Brain metastases causing symptoms require immediate treatment. Your doctor will prescribe steroids first, followed by other treatments, such as surgery, chemotherapy, and/or radiation.
Surgery for brain metastases
Your doctor may use surgery to remove one small spot of cancer that shows up a long time after you were first diagnosed with breast cancer if the cancer is in an area that's safe to operate on. You may also need surgery if a single metastasis causing severe pressure in the brain does not respond to other treatments. But if several areas of cancer are in the brain or in other parts of the body, surgery is not usually a good option. Occasionally, if cancer is blocking the fluid drainage system in and around the brain, a tube might be placed to bypass the blockage. This tube is called a shunt.
Chemotherapy for brain metastases
When cancer cells get into the fluid that normally surrounds the brain and spinal cord, cancer may grow on individual nerves. This can cause you to lose feeling or movement in certain parts of your body. Symptoms may improve with steroids. But your doctor may also want to inject chemotherapy drugs directly into the fluid bathing the nerves. This is called intrathecal chemotherapy. This type of chemotherapy may reduce the number of cancer cells in the spinal fluid so they are less likely to cause new problems. But it's unlikely for this treatment to reverse problems already caused by the cancer.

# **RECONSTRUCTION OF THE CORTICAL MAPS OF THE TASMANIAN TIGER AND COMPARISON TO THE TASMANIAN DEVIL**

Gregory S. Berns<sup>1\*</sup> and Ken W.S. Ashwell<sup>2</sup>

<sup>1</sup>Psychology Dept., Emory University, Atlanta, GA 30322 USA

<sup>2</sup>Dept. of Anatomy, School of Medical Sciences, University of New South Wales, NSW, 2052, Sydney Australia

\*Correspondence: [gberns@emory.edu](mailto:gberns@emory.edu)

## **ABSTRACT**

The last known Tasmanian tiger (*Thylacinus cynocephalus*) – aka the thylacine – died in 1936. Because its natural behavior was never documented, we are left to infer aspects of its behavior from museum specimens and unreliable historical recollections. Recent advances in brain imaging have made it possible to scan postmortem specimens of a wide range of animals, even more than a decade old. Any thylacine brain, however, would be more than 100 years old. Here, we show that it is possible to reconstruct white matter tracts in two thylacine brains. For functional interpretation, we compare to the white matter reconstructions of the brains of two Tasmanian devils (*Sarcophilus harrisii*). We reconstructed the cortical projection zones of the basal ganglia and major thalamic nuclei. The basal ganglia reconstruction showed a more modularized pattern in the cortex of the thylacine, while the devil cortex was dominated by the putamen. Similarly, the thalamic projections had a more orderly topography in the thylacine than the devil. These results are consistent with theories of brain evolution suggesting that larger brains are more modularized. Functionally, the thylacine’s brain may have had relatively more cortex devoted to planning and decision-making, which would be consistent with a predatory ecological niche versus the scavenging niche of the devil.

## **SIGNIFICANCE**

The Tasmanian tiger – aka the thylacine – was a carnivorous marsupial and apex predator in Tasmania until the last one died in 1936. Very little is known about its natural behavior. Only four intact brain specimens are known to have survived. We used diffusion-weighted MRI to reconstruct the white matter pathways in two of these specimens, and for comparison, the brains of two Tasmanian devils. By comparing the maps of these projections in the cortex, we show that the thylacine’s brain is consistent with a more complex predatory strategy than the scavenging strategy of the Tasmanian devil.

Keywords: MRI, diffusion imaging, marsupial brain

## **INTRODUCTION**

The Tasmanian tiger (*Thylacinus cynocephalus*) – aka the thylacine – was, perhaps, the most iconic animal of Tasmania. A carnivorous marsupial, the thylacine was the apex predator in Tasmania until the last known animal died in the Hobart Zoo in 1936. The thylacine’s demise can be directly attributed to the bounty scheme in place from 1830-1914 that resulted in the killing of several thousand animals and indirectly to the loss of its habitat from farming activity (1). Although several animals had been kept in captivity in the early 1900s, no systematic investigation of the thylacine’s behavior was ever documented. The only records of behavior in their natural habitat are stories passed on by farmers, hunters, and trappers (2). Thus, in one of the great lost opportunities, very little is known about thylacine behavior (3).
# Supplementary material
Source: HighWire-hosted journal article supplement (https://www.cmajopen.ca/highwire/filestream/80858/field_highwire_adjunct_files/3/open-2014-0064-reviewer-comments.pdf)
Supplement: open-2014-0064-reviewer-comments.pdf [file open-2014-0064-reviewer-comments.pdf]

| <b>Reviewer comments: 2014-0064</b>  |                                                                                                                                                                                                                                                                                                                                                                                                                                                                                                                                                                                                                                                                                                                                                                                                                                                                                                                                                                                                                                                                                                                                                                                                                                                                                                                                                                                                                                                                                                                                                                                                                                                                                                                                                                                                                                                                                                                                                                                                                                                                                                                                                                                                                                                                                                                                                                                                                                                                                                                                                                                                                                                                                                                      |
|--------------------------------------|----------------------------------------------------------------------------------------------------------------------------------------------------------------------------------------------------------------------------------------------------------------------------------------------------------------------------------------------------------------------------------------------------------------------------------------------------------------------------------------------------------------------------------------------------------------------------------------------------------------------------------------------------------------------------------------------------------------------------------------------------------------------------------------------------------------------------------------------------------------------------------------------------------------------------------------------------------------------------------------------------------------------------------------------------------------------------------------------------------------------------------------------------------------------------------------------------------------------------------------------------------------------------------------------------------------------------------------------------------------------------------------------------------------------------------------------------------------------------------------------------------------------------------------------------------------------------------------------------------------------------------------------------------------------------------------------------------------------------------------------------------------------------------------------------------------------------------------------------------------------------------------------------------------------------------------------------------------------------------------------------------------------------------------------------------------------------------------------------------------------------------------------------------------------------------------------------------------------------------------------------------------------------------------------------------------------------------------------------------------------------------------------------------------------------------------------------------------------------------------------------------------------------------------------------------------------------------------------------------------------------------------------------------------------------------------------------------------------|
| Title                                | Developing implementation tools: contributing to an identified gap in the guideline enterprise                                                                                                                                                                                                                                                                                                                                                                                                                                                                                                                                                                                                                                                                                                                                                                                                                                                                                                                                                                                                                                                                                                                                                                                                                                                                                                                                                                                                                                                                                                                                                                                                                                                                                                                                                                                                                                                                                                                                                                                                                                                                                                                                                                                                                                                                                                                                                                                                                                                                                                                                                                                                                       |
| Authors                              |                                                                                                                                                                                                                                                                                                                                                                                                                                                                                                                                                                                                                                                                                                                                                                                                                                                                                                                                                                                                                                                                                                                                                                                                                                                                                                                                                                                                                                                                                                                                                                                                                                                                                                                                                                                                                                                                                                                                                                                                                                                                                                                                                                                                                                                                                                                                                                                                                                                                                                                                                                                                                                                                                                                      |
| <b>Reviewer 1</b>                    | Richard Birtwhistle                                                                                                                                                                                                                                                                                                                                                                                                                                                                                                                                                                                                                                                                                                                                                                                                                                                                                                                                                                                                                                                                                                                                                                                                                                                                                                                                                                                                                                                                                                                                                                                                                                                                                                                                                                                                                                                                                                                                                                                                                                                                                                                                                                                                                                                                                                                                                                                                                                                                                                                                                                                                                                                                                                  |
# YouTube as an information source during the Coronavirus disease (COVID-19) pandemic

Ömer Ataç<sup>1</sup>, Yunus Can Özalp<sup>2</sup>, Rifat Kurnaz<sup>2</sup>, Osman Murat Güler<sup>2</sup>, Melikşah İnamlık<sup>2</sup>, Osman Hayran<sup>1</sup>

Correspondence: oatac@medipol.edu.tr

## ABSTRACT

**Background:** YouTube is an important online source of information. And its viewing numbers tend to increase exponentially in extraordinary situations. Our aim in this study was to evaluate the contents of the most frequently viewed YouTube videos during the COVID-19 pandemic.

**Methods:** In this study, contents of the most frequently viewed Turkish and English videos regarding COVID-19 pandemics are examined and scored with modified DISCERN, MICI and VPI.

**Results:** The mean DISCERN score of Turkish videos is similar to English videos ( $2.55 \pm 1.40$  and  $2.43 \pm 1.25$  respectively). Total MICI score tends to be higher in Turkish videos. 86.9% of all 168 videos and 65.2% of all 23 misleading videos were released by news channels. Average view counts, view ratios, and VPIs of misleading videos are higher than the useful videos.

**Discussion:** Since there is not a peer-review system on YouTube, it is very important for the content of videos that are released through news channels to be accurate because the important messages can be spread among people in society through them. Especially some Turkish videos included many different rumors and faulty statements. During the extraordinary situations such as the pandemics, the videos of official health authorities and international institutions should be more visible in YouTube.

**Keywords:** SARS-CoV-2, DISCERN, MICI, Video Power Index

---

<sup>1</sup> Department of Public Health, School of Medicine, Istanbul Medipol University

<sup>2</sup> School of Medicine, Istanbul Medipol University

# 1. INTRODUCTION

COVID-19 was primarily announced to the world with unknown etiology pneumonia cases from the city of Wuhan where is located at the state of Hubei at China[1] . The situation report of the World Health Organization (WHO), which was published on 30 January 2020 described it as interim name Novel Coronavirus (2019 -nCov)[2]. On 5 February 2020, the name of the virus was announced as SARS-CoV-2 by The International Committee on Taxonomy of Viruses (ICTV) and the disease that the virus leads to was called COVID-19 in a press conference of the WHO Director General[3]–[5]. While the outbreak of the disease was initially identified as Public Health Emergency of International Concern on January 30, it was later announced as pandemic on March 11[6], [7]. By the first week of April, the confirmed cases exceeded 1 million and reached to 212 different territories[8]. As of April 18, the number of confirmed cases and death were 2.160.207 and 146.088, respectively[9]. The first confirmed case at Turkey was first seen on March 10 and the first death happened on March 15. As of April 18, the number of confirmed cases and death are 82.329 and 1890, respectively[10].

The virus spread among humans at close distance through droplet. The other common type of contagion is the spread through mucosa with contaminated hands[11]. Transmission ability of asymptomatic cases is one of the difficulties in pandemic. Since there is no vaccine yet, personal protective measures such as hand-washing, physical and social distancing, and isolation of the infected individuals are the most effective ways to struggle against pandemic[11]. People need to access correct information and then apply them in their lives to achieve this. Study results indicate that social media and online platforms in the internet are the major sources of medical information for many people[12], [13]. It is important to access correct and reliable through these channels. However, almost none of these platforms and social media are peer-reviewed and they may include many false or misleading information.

Radiation therapy for brain metastases
Radiation can be aimed at the whole brain or specific nerves. It is rarely aimed at the entire spinal cord. Radiation to too large an area would lower the number of important infection-fighting cells, which can delay the start and continuation of chemotherapy.
To connect with others diagnosed with brain metastases, visit the Breastcancer.org Discussion Board topic Brain Mets Sisters.